The internet has changed a lot over the seven years. When I started there were not many blogs and very few about art. Now it’s easier for artists and galleries to do their own websites and use facebook, twitter etc. to publicise their events.
There’s a lot of websites out there at the moment – a good thing? Do you think the city’s a better place for them – do they fulfil a valuable role?
The way my brain works I see everything as one massive database. Ideally every artist and organisation would have their own website which they keep up to date – that is the definitive source of current information. That can then be fed out to social media, blogs and portals such as Artinliverpool to make it easier for people to find the info in one place. Sadly, we’re not that organised. Maybe a tidy up is required, there have been too many half-hearted attempts at creating listings website – quite a few sprang up in 2008 (I wonder why) and are still hanging around.
This year has seen the closing of quite a few chapters in the city’s art story – do you sense a shifting of something? The turning over of a new leaf? Are you positive about the next chapter?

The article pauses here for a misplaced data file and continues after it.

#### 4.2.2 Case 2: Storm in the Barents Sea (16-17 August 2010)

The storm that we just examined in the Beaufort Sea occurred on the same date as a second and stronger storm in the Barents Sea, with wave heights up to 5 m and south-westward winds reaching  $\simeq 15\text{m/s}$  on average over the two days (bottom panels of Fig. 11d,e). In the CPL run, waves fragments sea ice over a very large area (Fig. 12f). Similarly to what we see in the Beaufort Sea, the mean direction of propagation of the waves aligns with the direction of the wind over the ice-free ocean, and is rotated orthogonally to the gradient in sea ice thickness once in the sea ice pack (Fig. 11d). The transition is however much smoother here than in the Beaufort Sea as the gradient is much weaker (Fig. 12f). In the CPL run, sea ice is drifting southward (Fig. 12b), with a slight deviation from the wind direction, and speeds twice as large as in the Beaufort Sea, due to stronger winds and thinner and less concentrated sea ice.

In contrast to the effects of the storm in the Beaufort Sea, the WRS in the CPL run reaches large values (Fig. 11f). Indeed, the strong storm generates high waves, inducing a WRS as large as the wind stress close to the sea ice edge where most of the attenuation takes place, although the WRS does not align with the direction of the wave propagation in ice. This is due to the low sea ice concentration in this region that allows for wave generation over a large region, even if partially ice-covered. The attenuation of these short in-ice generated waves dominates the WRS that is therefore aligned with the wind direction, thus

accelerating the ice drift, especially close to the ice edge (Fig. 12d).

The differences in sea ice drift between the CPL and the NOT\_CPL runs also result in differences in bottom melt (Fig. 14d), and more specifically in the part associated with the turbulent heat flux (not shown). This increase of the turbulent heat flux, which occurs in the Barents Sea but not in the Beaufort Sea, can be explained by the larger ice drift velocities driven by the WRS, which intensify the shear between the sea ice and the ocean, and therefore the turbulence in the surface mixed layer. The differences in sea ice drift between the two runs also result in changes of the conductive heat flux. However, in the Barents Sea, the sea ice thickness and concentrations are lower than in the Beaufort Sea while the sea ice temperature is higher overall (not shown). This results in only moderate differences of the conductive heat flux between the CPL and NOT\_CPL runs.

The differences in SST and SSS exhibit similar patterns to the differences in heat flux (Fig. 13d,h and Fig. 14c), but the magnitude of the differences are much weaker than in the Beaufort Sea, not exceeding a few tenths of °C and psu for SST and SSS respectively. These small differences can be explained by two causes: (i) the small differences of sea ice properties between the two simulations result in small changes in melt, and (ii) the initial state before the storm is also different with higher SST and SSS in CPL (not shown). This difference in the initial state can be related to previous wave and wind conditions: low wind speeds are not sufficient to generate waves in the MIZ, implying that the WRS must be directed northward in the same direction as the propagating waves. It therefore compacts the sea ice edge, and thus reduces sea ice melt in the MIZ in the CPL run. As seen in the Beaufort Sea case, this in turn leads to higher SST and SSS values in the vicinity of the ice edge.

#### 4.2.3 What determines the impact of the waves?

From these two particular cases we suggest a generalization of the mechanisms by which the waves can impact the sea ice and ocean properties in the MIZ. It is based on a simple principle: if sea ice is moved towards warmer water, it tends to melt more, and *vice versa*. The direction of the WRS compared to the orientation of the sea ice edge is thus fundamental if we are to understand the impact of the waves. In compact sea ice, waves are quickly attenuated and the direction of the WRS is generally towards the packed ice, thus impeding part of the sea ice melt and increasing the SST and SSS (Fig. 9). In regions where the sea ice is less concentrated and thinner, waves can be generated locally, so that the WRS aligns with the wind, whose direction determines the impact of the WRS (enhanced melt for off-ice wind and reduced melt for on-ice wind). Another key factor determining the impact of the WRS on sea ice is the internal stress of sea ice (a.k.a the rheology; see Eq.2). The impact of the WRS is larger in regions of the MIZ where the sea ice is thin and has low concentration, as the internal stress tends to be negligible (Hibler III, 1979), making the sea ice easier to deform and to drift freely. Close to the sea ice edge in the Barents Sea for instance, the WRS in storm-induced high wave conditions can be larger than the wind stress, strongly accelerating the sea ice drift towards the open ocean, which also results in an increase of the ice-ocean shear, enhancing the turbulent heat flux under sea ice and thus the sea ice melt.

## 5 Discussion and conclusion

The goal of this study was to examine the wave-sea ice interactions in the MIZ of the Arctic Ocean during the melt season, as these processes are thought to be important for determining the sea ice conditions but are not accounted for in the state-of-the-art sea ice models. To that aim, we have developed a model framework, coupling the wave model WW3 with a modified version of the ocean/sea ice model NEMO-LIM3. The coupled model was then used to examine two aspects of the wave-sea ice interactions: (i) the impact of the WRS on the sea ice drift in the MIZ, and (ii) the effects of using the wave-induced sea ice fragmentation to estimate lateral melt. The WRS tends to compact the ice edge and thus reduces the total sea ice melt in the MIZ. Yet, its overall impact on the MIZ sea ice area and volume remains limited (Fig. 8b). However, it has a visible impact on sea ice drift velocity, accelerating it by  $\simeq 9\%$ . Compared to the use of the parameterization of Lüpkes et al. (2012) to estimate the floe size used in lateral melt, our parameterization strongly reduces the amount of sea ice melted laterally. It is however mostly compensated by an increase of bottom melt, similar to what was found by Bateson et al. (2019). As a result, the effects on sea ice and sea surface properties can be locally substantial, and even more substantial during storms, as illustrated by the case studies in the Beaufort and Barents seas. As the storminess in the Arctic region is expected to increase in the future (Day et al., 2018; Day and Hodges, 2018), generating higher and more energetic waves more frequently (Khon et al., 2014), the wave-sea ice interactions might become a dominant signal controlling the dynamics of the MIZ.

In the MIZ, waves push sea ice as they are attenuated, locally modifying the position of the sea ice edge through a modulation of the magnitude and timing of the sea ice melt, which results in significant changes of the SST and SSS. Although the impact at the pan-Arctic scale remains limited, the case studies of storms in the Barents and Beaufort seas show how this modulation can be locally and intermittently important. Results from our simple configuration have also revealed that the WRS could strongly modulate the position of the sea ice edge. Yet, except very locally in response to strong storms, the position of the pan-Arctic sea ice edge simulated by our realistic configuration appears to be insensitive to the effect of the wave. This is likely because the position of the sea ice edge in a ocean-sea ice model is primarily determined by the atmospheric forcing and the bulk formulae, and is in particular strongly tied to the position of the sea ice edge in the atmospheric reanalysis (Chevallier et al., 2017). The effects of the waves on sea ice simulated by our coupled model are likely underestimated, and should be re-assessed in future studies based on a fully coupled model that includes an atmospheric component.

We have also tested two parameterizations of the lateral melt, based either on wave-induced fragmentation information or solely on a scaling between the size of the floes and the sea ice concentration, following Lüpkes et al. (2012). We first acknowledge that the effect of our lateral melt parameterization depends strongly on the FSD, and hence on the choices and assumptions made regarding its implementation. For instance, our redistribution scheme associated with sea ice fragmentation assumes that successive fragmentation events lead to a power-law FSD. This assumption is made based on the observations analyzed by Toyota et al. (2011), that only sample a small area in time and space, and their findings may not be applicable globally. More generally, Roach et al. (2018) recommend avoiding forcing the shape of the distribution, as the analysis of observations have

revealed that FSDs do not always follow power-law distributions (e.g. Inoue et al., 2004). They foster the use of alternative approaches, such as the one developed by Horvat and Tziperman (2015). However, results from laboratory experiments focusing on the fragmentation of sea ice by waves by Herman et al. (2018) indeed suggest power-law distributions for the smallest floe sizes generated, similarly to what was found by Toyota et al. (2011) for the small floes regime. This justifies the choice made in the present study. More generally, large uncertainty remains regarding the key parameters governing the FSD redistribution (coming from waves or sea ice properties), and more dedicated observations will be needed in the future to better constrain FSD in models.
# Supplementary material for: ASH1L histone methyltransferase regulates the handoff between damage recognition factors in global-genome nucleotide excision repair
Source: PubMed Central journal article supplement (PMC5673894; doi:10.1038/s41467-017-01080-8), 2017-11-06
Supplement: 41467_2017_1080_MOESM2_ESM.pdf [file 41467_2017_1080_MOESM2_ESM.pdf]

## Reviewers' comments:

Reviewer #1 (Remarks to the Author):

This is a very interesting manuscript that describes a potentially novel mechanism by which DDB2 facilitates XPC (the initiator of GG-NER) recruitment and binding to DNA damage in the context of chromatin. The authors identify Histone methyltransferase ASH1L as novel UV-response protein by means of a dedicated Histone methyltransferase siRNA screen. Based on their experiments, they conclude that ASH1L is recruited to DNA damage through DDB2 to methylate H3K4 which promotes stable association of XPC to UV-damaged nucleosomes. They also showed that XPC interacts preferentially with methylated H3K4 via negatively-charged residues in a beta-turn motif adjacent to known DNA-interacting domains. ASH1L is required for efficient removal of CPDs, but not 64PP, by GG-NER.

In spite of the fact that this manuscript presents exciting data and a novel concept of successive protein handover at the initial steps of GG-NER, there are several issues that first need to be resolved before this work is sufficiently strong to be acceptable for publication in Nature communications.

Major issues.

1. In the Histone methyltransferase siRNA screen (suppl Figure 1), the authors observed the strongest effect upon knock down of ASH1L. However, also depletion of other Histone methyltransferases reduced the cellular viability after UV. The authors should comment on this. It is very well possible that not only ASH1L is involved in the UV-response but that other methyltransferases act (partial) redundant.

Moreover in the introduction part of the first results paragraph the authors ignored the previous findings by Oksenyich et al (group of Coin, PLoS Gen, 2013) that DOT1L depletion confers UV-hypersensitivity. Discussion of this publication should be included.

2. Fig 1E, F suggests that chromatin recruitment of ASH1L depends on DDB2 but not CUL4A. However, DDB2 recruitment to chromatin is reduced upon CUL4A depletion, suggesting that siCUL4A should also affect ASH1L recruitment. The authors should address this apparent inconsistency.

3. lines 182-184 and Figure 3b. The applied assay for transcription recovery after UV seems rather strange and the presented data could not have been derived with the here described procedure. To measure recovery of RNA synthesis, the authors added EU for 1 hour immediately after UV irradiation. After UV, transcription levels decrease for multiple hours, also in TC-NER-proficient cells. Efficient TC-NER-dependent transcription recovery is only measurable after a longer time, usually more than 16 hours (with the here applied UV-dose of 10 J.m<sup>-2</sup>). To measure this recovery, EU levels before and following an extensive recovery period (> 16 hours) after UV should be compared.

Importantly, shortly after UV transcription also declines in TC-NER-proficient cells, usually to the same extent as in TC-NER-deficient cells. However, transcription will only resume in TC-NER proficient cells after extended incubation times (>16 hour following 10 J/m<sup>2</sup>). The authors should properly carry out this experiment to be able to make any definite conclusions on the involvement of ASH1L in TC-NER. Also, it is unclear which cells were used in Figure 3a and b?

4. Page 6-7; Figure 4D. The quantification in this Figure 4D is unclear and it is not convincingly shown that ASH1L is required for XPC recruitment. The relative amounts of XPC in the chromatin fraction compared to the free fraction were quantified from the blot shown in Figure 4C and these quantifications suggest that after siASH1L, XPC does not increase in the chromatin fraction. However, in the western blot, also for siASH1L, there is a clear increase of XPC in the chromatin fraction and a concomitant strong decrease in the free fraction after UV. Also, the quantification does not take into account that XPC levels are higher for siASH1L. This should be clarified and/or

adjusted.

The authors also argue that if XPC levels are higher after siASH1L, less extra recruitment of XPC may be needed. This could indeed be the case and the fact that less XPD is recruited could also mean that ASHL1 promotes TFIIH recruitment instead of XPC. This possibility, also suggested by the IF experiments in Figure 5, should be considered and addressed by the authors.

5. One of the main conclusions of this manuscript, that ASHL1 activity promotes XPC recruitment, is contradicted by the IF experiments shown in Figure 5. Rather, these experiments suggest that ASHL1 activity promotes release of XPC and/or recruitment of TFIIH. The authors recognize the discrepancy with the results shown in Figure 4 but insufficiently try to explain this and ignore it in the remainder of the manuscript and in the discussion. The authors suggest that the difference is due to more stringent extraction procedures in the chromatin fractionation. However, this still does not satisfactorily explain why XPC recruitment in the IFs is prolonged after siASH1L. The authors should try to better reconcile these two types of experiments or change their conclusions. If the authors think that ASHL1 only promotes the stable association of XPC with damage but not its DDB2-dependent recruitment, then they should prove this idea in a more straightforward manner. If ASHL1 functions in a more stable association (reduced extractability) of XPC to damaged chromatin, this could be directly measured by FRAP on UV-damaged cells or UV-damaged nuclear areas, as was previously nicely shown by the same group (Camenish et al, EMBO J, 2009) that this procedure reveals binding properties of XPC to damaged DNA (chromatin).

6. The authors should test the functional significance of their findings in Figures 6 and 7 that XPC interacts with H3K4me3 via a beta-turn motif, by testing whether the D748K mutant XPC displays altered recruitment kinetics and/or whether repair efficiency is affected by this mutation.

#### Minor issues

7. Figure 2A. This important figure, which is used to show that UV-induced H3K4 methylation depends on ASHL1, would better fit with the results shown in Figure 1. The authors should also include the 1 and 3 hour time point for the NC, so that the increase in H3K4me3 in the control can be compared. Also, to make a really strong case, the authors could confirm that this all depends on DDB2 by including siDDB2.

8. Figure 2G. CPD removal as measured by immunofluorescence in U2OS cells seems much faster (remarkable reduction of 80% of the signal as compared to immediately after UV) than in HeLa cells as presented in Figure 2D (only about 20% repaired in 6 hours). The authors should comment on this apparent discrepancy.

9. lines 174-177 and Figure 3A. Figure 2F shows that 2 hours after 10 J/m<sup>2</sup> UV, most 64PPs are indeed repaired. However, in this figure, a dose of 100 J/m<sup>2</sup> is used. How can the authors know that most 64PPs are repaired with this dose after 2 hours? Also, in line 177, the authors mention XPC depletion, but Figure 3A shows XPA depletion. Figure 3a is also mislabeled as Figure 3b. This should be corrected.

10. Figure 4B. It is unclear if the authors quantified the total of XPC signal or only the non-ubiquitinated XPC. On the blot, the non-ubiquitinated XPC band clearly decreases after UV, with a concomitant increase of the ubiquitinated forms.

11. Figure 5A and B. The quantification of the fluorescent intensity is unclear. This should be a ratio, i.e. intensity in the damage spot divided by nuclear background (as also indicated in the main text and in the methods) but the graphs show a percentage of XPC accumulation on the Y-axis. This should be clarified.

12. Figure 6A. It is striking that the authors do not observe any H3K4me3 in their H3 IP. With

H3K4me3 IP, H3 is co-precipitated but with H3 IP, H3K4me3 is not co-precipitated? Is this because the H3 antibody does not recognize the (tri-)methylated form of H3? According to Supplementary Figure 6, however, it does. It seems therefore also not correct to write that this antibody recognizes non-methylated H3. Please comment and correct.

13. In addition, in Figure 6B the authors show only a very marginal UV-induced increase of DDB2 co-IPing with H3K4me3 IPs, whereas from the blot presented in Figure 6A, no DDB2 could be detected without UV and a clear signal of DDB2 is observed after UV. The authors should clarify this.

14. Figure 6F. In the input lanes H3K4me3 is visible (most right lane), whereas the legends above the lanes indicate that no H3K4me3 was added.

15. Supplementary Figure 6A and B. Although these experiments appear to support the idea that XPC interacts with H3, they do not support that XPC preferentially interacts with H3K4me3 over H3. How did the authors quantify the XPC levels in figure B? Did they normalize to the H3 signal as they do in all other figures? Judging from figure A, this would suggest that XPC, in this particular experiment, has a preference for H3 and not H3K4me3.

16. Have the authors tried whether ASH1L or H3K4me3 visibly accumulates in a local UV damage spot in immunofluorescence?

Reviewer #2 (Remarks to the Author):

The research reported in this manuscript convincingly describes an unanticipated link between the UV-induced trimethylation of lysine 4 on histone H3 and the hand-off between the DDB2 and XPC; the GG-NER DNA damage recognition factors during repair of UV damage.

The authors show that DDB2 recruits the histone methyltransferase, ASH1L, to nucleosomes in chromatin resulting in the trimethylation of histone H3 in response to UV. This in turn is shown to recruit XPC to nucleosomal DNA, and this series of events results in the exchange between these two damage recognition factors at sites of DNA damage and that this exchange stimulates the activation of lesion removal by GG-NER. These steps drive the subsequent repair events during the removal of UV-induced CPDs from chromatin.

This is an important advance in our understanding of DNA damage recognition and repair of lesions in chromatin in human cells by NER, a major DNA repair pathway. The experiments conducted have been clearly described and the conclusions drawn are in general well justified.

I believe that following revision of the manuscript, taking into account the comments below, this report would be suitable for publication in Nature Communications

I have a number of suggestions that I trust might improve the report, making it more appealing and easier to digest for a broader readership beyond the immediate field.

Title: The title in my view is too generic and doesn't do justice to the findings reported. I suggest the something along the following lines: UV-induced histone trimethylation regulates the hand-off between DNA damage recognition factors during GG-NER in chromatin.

Yes, Yes and Yes (if the right choices are made – that’s a big if)
What concerns you?
We realise that our cutting back may leave a gap and make it more difficult for people to find and publicise art information and opportunities but we are hopeful that somebody will take over where we have left off before too long. After all, as art-lovers, we’ll need the up-to-date listings for ourselves!
What will happen to the Art Prize?
We hope to continue to work with Metal who are now the main driving force and they’re doing a brilliant job. We will still look after the art prize website and promote the prize as much as we can. We think that it will continue to grow even as we step further back.
What’s next for you?
We really have no big plans. We’ll relax, take more holidays, pursue other interests and see what happens. Of course art will continue to be our keen interest so we will be popping up in places too. Maybe artinliverpool will quickly disappear from the scene completely or we may come up with some new thing, you never know…
Pic: Sam Bytheway